Surgical risk factors that could have contributed to the complication in this case include the surgical skin preparation solution (ChloraPrep; CareFusion), use of adhesive antimicrobial drape (Ioban, 3M), tourniquet time, dressing choice, and DVT prophylaxis regimen. While the skin preparation solution is an unlikely culprit since the presentation is not consistent with contact dermatitis, inappropriate strapping or removal of the adhesive drape could result in stretch injury of the skin, shearing the dermoepidermal junction and causing tension blisters.9 There were no intraoperative complications and the tourniquet time was appropriate (78 minutes). Postoperatively, no compressive or adhesive dressings were used. With regards to DVT prophylaxis, the patient received a single dose of enoxaparin on the first postoperative day. While heparin-induced hemorrhagic blisters have been reported,10 I do not feel that the use of enoxaparin was a contributing factor. Heparin-induced blisters have been described as systemic blisters,10 whereas the blisters in this case were confined to the operative extremity. The patient was not taking any nutritional supplements (eg, fish oil, vitamin E) that could have increased his risk of bleeding. Throughout his hospital stay, he was hemodynamically stable and did not require blood transfusion.
Management of fracture blisters is controversial, and there is no consensus on appropriate soft-tissue handling. In this patient, the blisters were left intact. Blister fluid has been shown to be sterile, containing growth factors, opsonins, and activated neutrophils that aid in healing and infection prevention.1 Giordano and Koval11 found no difference in the outcome of 3 soft-tissue treatment techniques: (1) aspiration of the blister, (2) deroofing of the blister followed by application of a topical antibiotic cream or coverage with nonadherent dressing, or (3) keeping the blister intact and covered with loose dressing or exposed to air. In contrast, Strauss and colleagues12 found that deroofing the fracture blister to healthy tissue followed by twice-daily application of silver sulfadiazine antibiotic cream promoted reepithelialization and resulted in better cosmetic appearance and higher patient satisfaction.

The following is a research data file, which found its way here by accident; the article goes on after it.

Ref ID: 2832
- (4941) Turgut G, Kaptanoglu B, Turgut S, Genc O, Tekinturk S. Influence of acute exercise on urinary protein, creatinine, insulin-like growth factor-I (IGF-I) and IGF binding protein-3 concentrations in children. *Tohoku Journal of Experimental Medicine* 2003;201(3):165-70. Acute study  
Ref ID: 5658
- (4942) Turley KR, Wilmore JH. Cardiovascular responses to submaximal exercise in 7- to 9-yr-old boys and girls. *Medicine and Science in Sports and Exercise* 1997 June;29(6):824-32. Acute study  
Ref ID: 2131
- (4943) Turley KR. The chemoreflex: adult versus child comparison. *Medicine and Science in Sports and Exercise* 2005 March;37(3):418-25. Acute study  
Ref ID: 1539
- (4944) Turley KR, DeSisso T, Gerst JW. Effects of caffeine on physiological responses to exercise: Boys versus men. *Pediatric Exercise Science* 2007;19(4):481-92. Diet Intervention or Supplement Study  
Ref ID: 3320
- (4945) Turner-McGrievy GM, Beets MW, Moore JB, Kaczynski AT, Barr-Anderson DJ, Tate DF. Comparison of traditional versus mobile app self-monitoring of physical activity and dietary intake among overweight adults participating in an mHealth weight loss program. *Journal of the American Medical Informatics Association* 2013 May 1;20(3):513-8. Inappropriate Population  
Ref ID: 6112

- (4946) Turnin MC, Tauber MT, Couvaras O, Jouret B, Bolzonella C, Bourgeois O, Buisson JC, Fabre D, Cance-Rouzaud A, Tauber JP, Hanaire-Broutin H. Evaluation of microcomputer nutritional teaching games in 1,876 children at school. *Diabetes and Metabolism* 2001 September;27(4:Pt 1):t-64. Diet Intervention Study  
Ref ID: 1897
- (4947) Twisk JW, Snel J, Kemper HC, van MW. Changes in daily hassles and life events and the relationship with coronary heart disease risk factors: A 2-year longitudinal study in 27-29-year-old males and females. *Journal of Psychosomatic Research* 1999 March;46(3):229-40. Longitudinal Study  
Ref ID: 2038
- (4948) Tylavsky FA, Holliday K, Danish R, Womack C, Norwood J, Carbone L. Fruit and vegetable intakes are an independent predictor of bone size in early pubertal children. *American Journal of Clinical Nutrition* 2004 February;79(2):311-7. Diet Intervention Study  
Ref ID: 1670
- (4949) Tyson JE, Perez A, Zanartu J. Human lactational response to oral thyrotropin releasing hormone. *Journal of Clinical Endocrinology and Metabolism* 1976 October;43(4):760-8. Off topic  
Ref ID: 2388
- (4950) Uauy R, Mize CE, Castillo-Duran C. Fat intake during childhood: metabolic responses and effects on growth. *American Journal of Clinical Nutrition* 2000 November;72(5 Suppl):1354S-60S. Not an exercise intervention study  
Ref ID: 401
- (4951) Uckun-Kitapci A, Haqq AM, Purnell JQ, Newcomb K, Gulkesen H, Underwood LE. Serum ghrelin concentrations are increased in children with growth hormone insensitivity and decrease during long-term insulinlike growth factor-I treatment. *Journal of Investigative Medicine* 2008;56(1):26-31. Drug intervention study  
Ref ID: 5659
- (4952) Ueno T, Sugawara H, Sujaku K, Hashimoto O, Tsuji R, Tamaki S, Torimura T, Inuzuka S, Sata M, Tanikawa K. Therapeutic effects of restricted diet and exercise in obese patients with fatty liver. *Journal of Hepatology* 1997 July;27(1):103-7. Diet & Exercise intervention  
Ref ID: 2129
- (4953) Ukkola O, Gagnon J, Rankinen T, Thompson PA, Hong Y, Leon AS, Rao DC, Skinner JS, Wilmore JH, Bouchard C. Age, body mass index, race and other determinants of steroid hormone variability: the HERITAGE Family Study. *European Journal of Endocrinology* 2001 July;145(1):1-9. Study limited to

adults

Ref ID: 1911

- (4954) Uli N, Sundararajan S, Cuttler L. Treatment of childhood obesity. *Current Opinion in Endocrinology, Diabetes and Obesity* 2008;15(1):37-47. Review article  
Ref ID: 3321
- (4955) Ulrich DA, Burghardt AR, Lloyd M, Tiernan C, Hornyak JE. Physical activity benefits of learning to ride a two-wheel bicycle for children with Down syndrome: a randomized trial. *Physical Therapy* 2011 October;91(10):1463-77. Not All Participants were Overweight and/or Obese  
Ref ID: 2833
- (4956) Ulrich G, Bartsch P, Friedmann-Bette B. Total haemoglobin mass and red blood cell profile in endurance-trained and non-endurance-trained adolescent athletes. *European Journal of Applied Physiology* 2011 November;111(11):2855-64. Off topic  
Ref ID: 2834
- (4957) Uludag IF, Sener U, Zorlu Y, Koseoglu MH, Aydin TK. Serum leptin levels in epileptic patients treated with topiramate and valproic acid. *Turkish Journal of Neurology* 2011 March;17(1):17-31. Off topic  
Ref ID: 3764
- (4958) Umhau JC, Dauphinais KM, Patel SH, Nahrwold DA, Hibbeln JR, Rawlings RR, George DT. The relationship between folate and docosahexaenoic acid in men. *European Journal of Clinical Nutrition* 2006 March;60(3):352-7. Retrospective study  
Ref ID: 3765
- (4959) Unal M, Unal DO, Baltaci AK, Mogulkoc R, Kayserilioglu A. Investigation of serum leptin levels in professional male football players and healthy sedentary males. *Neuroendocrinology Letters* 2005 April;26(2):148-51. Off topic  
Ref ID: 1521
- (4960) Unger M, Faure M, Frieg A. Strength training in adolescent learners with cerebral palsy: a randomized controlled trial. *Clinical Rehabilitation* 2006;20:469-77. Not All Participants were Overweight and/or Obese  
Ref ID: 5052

The optimal dressing for fracture blisters remains elusive. Madden and colleagues13 showed that the use of occlusive nonadherent dressing was associated with significantly faster healing and less pain compared with semiocclusive, antibiotic-impregnated dressings. In another study, Varela and colleagues1 found no differences in blister healing between patients treated with either (1) dry dressing and casting, (2) Silvadene dressing (King Pharmaceuticals), or (3) whirlpool débridement and Silvadene dressing.
Infection is perhaps the most dreaded complication of fracture blisters after TKA. Varela and colleagues1 showed that, while the fluid in intact blisters was a sterile transudate, polymicrobial colonization with skin flora often occurred soon after blister rupture and persisted until reepithelialization. Our patient received a 10-day course of prophylactic antibiotics and no superficial or deep infection developed; however, the real contribution of antibiotic prophylaxis to the absence of infection cannot be established based solely on 1 case.
Pain is another concern associated with fracture blisters. Our patient had significant pain that limited his ability to participate in PT, resulting in limited knee range of motion and eventual discharge to a short-term rehabilitation facility. Fortunately, after resolution of the fracture blisters, he was able to participate in an aggressive rehabilitation program. By 6 weeks after surgery, he had significant improvement in his knee motion, avoiding the need for manipulation under anesthesia.
This case represents the first reported fracture blisters after primary TKA. The risk of deep surgical site infection, a devastating complication after TKA, is perhaps the most frightening concern of this rare complication. While the etiology and the management are controversial, there is evidence to recommend prophylactic antibiotics after blister rupture and skin desquamation. The decision to withhold DVT prophylaxis should be based on individual patient risk factors and blister type (blood-filled vs clear fluid–filled). Patients should be encouraged to continue knee exercises during reepithelialization to avoid stiffness.